Dreyer’s English: by Benjamin Dreyer

Dreyer’s English: by Benjamin Dreyer

How did a style guide end up on the bestseller lists?

Dreyer’s English: by Benjamin Dreyer

4 / 5

How did a style guide end up on the bestseller lists? Because readers want to improve their writing? Maybe. Because its author entertains as he instructs? More likely. Because its line-item breakdown of information lends itself easily to bathroom breaks? Probably! Benjamin Dreyer, copy chief at Random House and author of Dreyer’s English, has spent his career poring over the written word and taking care that you don’t write “pouring.” Anyone who cares about writing (and reading) will gladly eat it up.

Dreyer describes his job of copy editor as, at its best, “something between thorough teeth-cleaning…and a whiz-bang magic act.” Note: the noun “copy editor” is two words while the verb “copyedit” is one word; if this were a book, a footnote might help to clarify the distinction, and Dreyer makes good use of footnotes as wry jokes, the pause between the moment your eye notices an asterisk to the eye finding its target at the bottom of a page serving as a comic beat. Don’t worry, it’s funnier when he does it.

While Dreyer is quick to point out errors, as is his wont on Twitter (one hopes he doesn’t find too much fault with this review), he also knocks down a few sacred grammatical cows. For instance, Dreyer assures us it’s okay to begin a sentence with “and” or “but,” to split an infinitive and to end a sentence with a preposition. But that doesn’t mean you should go nuts with them, and sometimes it’s best to reword. He also favors what he calls the series comma and what you might know as the Oxford comma, which in any case runs counter to this site’s style, much to this writer’s chagrin.

A plea for forgiveness from anyone who writes for this site and has been subject to this reviewer’s sometimes overzealous editing. Dreyer’s English can lead not just the writer but the editor to reflect on their sins, whether it’s letting the wrong word slide or, more likely, not allowing the writer’s voice to come through. Dreyer invokes New Yorker theater critic Wolcott Gibbs, who wrote that an editor should “try to preserve the author’s style, if he is an author and has a style.” The tongue is slightly in cheek, but grammatical transgressions may well be a defining style, as with rule-breakers like James Joyce (whom Dreyer cites admiringly) and Gertrude Stein (less so). (Note that Dreyer is perfectly okay with “like” as opposed to “such as.” You can relax now.)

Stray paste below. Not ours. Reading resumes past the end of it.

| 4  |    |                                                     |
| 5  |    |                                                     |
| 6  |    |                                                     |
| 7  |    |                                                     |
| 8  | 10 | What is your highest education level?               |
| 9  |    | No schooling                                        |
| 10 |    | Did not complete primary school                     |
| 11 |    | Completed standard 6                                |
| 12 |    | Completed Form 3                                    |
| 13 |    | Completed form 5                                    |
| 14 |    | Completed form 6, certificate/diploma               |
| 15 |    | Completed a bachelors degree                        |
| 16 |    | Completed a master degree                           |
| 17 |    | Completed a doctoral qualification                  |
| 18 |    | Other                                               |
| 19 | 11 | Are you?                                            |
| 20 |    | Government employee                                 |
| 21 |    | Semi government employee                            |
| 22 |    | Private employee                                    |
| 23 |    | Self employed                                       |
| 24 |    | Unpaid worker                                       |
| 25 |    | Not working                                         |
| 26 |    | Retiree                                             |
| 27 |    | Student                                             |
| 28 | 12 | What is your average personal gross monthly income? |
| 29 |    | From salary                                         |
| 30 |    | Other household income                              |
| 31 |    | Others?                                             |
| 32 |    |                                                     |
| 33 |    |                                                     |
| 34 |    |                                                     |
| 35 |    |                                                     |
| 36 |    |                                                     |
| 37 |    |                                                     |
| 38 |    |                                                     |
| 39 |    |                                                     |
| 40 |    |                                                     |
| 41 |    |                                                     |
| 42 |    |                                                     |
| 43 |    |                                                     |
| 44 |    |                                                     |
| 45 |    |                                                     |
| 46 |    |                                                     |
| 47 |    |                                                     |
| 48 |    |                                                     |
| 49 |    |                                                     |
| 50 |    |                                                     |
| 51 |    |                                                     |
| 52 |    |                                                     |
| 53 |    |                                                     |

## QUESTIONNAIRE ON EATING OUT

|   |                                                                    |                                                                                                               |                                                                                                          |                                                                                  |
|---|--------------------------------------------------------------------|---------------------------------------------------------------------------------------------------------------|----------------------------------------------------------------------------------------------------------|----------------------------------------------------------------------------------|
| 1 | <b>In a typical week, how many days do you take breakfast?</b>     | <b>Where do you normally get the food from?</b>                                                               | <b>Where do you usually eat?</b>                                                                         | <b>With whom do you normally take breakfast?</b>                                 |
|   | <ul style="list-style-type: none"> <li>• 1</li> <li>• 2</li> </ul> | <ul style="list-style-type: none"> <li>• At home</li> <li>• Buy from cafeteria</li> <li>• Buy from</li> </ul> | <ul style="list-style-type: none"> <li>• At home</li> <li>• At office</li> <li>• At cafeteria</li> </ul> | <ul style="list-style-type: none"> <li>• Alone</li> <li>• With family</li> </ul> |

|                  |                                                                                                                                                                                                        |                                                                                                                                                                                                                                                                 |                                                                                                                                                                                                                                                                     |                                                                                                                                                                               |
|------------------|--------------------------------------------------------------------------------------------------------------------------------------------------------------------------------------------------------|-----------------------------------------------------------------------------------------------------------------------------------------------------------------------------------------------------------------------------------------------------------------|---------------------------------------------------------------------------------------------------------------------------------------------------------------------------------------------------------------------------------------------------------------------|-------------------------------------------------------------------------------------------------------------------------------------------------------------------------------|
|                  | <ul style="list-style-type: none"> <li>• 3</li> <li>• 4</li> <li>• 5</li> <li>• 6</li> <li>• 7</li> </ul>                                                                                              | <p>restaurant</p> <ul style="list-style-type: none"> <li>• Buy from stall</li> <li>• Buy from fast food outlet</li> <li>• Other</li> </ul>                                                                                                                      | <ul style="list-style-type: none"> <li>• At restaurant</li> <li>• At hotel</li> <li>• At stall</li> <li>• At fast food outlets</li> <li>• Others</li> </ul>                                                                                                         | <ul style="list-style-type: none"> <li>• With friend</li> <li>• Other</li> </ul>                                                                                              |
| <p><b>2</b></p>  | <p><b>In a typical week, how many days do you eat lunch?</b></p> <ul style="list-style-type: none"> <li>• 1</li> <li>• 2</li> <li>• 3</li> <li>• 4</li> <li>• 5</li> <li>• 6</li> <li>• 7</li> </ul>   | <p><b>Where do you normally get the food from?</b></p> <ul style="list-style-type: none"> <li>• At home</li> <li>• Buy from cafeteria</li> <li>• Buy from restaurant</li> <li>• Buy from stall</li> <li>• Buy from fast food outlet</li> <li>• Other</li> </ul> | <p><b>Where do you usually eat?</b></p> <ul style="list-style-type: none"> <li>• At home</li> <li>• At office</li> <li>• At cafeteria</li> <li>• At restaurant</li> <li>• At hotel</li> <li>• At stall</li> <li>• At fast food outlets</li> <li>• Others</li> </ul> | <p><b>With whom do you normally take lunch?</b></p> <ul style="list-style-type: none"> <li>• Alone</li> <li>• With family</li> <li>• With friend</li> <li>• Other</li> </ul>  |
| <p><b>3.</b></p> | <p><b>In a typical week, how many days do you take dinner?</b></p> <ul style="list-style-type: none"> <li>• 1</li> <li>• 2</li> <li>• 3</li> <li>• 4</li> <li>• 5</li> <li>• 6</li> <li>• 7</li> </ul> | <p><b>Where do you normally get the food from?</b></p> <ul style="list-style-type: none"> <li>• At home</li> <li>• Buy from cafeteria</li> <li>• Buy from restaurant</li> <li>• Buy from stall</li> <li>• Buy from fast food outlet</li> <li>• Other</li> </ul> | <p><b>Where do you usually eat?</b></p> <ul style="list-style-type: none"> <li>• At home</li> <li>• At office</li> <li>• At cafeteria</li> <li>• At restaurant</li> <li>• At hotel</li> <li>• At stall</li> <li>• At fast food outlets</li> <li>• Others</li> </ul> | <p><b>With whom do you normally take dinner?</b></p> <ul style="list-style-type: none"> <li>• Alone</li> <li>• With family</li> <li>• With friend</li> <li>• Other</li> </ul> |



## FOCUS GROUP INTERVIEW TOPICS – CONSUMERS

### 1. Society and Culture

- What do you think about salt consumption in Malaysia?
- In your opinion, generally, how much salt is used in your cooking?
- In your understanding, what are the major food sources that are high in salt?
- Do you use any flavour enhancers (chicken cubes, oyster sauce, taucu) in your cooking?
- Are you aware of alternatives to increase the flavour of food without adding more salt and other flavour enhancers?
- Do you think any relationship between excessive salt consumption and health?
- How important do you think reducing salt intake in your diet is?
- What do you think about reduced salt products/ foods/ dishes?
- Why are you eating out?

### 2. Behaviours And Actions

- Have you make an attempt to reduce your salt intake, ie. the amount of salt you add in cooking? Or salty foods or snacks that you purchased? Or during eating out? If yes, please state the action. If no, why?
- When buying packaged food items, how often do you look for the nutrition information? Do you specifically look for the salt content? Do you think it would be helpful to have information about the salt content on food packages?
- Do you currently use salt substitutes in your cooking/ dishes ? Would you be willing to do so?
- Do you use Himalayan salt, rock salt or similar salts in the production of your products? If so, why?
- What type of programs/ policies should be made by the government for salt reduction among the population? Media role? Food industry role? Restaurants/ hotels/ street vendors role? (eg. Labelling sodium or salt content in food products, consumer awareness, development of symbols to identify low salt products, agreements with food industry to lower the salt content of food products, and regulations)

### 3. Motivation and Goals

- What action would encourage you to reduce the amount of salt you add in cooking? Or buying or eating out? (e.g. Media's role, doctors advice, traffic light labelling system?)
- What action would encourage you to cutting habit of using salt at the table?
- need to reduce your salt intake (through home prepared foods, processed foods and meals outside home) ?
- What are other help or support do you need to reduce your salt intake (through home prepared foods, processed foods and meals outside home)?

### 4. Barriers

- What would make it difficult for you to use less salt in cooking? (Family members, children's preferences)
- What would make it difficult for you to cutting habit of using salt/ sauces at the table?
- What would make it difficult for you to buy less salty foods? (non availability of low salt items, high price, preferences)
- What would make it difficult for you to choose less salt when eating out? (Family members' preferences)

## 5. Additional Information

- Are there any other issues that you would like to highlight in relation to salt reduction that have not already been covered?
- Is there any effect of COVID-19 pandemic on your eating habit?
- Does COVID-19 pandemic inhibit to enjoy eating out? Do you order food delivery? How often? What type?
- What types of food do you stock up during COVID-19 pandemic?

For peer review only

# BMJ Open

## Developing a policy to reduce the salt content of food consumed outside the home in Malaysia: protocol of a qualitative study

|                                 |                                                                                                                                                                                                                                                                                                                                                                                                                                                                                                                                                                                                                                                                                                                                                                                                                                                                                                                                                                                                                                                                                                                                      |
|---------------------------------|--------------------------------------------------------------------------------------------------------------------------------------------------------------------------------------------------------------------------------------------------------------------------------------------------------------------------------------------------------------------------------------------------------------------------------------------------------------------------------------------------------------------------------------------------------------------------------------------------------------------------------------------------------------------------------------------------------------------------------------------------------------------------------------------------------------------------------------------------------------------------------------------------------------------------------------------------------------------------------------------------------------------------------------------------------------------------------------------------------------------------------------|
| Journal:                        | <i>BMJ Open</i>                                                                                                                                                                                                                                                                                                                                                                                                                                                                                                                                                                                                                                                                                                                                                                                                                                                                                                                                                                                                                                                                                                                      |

Many sites don’t have the time or resources for a copy editor, and while the process can be tedious, the clarity it achieves makes communication that much easier. And after all, isn’t that why we read and write in the first place? Dreyer successfully argues for the importance of copyediting in a world that doesn’t seem to have time for it. Still, if that’s the larger narrative of the book’s purpose, its structure has no such narrative. Lists of easily-confused words/phrases comprise much of the book—yes, “comprise” is one of those very “Confusables,” as he calls the chapter, and Dreyer himself admits he has to look up its proper use every time. If you’re not convinced you need another style guide, at the very least you should follow Dreyer on Twitter @BCDreyer. His pinned tweet alone, on tidying up your writing by going a week without using such words as “very” and “rather,” will make you a better writer, and it’s free advice! Dreyer’s English will set you back a bit more, but if words matter to you, it’s worth it.


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